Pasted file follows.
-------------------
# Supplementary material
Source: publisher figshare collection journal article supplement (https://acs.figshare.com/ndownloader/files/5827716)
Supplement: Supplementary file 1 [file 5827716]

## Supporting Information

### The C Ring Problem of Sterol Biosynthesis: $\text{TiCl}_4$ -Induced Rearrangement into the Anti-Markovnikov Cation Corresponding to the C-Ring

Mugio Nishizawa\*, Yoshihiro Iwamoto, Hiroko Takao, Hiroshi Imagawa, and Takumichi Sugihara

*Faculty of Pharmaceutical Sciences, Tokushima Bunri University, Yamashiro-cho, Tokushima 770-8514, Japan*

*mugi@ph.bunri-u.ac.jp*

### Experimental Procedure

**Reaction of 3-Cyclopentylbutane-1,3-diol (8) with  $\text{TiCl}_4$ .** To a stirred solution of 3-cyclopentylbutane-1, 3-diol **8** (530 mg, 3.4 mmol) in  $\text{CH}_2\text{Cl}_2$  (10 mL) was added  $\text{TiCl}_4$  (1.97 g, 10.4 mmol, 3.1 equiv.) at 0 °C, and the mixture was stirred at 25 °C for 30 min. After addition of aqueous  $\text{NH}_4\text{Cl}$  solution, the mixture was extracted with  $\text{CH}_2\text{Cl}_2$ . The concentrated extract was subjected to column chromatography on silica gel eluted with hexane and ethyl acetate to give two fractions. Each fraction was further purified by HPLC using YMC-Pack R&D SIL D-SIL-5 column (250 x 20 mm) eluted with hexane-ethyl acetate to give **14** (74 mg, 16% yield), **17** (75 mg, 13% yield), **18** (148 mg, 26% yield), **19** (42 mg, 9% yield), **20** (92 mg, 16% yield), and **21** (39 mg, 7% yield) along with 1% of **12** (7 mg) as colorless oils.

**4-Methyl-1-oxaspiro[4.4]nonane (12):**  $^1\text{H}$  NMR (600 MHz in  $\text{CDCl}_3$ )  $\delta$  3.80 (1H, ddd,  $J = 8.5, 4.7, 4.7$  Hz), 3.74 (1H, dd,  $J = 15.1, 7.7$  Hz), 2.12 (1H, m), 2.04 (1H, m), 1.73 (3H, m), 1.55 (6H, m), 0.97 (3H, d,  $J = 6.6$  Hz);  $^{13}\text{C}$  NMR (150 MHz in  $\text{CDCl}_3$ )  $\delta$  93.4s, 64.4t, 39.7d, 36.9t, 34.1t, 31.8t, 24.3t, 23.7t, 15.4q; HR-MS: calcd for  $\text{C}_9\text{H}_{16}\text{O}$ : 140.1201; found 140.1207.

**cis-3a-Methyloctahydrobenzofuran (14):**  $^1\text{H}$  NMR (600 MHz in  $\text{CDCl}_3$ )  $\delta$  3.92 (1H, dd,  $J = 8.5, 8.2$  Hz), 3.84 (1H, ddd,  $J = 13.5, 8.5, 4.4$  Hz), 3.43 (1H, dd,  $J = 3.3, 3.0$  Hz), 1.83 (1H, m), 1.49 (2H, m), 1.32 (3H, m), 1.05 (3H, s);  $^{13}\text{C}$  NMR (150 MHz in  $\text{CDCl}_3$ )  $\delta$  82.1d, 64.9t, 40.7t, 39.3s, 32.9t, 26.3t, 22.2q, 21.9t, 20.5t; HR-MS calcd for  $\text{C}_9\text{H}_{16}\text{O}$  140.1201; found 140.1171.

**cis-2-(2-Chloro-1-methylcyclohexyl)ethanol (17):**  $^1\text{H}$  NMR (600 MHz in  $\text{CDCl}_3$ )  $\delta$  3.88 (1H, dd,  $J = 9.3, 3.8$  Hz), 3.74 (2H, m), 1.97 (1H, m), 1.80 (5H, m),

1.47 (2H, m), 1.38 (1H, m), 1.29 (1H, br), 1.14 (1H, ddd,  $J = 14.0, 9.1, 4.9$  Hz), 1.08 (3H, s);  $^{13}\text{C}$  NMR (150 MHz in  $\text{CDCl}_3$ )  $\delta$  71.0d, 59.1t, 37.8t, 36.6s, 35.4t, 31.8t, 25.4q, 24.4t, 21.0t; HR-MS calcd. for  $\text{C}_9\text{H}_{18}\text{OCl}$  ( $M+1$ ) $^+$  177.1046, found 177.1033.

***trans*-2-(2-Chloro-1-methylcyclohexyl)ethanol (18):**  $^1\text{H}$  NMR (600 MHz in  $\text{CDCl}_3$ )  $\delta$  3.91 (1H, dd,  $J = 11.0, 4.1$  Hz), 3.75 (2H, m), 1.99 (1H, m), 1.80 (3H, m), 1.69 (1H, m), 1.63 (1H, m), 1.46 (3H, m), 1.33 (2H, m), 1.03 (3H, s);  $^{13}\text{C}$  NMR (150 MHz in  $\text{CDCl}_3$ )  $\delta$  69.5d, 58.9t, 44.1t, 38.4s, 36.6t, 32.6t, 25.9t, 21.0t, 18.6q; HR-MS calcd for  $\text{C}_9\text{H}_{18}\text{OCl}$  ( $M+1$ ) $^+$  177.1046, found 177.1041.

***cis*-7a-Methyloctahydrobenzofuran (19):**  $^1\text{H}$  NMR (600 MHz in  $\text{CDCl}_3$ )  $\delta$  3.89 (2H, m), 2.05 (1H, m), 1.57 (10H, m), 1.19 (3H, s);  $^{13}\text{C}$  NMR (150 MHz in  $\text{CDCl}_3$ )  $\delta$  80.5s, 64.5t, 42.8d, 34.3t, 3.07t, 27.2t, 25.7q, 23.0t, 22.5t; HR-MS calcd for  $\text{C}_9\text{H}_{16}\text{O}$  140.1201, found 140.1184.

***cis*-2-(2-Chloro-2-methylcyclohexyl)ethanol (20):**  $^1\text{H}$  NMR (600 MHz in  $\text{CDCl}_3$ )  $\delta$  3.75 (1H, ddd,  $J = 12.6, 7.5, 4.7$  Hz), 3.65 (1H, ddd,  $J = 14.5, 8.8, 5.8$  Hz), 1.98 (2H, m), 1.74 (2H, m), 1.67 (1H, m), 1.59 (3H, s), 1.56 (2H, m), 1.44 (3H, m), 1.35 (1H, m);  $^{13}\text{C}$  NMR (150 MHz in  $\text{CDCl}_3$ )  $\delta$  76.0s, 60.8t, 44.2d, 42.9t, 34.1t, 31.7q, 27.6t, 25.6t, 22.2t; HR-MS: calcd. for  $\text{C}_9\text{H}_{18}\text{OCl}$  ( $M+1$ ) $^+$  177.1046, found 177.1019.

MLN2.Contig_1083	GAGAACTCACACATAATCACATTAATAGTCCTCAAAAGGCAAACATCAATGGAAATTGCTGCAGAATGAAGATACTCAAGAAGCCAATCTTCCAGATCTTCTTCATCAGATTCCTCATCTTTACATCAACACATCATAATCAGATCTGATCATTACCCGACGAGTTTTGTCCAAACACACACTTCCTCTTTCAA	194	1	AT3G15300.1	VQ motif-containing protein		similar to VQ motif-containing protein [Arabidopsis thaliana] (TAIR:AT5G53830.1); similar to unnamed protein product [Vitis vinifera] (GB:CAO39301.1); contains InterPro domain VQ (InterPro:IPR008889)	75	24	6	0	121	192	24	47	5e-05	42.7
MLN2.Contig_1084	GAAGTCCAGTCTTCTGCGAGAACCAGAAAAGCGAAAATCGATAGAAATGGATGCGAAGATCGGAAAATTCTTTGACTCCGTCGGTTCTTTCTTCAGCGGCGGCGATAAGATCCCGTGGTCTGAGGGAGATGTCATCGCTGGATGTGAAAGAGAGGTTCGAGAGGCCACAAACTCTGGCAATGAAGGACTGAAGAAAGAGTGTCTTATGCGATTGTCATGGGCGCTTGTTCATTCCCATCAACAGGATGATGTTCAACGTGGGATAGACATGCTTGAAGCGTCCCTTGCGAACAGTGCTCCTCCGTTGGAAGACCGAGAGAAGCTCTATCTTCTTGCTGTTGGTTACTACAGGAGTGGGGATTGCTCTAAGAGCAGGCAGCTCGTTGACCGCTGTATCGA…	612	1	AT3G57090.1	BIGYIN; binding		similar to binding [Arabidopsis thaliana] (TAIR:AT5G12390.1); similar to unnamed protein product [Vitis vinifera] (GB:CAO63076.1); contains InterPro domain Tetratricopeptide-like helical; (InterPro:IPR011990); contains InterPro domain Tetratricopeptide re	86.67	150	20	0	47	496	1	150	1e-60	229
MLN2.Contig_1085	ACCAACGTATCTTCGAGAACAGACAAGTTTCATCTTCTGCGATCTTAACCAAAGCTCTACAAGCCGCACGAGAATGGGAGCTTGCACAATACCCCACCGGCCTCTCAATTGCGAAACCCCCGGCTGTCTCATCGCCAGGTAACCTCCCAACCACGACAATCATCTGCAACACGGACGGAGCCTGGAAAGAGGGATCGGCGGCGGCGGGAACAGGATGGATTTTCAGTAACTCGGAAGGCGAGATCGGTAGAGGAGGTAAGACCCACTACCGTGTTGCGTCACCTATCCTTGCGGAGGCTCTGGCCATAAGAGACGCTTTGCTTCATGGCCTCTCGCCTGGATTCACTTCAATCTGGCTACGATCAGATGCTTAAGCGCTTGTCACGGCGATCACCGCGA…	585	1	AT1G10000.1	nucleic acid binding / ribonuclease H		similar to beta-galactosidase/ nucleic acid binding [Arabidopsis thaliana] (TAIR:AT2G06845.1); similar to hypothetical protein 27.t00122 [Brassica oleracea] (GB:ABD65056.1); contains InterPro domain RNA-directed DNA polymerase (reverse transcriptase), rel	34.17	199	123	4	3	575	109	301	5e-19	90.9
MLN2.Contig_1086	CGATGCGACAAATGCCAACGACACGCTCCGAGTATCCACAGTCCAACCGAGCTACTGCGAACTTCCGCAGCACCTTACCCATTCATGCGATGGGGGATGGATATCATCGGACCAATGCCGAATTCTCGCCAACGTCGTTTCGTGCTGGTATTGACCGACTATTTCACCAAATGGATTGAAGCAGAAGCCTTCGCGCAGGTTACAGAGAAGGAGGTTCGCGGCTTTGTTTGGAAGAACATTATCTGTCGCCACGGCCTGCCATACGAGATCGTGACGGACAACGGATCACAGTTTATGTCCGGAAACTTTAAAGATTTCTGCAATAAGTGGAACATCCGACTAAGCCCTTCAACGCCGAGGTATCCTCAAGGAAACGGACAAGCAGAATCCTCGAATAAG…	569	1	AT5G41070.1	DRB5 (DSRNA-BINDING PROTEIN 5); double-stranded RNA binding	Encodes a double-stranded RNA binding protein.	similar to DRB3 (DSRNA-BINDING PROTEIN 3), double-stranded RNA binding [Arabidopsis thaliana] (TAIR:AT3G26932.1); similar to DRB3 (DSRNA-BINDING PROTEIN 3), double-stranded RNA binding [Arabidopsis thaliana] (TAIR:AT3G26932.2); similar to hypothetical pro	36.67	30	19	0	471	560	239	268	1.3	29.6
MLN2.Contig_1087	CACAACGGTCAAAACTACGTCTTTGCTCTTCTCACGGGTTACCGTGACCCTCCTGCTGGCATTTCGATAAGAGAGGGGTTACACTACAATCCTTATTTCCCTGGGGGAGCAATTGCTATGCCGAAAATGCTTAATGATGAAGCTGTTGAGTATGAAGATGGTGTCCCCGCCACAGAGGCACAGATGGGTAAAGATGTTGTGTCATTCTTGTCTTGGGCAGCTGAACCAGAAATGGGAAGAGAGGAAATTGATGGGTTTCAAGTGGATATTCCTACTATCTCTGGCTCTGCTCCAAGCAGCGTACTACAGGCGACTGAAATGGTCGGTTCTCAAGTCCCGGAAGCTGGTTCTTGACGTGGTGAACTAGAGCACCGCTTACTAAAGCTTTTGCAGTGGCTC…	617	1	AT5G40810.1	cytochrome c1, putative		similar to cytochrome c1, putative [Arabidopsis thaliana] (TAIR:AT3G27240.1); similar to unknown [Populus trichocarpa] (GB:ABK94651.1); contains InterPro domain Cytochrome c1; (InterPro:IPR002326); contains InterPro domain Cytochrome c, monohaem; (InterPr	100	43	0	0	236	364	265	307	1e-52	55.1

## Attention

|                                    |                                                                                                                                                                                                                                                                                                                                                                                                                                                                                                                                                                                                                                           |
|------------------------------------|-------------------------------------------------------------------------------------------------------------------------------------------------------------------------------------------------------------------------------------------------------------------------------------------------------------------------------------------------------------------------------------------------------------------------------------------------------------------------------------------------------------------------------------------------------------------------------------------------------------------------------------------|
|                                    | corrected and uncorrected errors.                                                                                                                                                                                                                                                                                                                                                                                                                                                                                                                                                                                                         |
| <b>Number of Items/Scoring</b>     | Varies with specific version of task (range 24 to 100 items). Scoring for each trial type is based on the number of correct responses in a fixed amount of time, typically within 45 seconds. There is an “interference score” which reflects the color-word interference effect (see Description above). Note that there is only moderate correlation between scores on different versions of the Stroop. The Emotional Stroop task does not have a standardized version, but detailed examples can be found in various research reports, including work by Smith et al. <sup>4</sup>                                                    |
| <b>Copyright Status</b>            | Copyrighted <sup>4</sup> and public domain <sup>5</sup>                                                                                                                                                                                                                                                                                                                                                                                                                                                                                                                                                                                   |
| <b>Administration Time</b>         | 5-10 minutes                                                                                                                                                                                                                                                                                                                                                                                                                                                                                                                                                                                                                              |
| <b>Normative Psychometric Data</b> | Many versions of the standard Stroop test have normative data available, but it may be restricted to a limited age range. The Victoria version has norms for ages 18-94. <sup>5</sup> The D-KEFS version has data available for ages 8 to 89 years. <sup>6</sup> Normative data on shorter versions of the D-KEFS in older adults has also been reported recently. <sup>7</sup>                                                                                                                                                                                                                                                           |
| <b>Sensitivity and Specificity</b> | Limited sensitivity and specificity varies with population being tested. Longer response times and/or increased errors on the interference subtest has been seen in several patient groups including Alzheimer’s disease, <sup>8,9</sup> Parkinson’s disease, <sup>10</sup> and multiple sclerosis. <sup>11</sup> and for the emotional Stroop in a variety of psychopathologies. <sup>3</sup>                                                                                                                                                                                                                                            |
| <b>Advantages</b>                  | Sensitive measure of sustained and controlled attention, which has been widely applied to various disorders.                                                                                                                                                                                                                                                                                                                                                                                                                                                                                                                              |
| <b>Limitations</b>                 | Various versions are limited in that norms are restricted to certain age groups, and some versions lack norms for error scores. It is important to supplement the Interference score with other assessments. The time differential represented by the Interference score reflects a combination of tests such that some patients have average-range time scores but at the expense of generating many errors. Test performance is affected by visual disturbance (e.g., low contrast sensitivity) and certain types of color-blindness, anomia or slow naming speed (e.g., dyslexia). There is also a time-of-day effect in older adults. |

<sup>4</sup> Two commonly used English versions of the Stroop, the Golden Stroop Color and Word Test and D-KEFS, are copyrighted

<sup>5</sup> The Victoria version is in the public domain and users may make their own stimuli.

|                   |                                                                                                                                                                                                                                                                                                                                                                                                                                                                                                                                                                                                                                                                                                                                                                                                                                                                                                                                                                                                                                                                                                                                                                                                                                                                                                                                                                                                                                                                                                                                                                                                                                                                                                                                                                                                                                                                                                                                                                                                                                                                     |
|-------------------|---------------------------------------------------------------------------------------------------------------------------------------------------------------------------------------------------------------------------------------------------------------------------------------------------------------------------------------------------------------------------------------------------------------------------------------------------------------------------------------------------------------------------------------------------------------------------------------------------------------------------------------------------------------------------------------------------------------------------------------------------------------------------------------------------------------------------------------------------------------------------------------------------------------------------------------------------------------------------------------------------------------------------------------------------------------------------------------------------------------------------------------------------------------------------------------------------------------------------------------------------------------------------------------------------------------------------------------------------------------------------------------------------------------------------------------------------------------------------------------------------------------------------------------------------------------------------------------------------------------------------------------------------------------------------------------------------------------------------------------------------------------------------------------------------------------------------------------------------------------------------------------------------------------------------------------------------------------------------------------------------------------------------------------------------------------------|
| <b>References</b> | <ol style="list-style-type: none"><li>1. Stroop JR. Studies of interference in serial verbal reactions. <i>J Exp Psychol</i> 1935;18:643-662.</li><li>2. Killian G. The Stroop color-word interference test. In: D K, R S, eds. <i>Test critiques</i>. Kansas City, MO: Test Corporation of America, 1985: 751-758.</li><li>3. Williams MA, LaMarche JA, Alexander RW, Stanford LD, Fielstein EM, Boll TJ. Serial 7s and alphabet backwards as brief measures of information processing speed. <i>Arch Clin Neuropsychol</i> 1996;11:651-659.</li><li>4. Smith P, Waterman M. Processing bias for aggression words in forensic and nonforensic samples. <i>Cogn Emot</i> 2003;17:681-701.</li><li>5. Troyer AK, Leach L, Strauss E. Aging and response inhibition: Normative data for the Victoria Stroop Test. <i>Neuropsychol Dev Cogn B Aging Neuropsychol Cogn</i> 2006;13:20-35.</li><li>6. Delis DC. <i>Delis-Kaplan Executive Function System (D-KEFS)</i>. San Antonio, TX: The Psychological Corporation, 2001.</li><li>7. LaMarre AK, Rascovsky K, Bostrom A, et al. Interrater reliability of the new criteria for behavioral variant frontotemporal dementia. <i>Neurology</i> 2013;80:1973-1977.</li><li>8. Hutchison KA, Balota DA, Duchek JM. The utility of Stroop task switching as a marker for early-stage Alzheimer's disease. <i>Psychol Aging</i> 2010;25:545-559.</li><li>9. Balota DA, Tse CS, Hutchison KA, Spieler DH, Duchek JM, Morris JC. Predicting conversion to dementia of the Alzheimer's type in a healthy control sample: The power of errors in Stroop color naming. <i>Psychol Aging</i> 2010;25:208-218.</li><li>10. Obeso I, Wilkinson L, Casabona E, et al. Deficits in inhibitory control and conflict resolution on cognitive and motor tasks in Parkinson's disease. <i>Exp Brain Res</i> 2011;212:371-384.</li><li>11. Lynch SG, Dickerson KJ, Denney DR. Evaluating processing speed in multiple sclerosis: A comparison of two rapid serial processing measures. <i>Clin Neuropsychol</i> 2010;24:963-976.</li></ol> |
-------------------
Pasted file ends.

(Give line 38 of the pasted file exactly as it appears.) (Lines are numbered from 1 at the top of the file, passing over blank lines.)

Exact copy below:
| <b>References</b> | <ol style="list-style-type: none"><li>1. Stroop JR. Studies of interference in serial verbal reactions. <i>J Exp Psychol</i> 1935;18:643-662.</li><li>2. Killian G. The Stroop color-word interference test. In: D K, R S, eds. <i>Test critiques</i>. Kansas City, MO: Test Corporation of America, 1985: 751-758.</li><li>3. Williams MA, LaMarche JA, Alexander RW, Stanford LD, Fielstein EM, Boll TJ. Serial 7s and alphabet backwards as brief measures of information processing speed. <i>Arch Clin Neuropsychol</i> 1996;11:651-659.</li><li>4. Smith P, Waterman M. Processing bias for aggression words in forensic and nonforensic samples. <i>Cogn Emot</i> 2003;17:681-701.</li><li>5. Troyer AK, Leach L, Strauss E. Aging and response inhibition: Normative data for the Victoria Stroop Test. <i>Neuropsychol Dev Cogn B Aging Neuropsychol Cogn</i> 2006;13:20-35.</li><li>6. Delis DC. <i>Delis-Kaplan Executive Function System (D-KEFS)</i>. San Antonio, TX: The Psychological Corporation, 2001.</li><li>7. LaMarre AK, Rascovsky K, Bostrom A, et al. Interrater reliability of the new criteria for behavioral variant frontotemporal dementia. <i>Neurology</i> 2013;80:1973-1977.</li><li>8. Hutchison KA, Balota DA, Duchek JM. The utility of Stroop task switching as a marker for early-stage Alzheimer's disease. <i>Psychol Aging</i> 2010;25:545-559.</li><li>9. Balota DA, Tse CS, Hutchison KA, Spieler DH, Duchek JM, Morris JC. Predicting conversion to dementia of the Alzheimer's type in a healthy control sample: The power of errors in Stroop color naming. <i>Psychol Aging</i> 2010;25:208-218.</li><li>10. Obeso I, Wilkinson L, Casabona E, et al. Deficits in inhibitory control and conflict resolution on cognitive and motor tasks in Parkinson's disease. <i>Exp Brain Res</i> 2011;212:371-384.</li><li>11. Lynch SG, Dickerson KJ, Denney DR. Evaluating processing speed in multiple sclerosis: A comparison of two rapid serial processing measures. <i>Clin Neuropsychol</i> 2010;24:963-976.</li></ol> |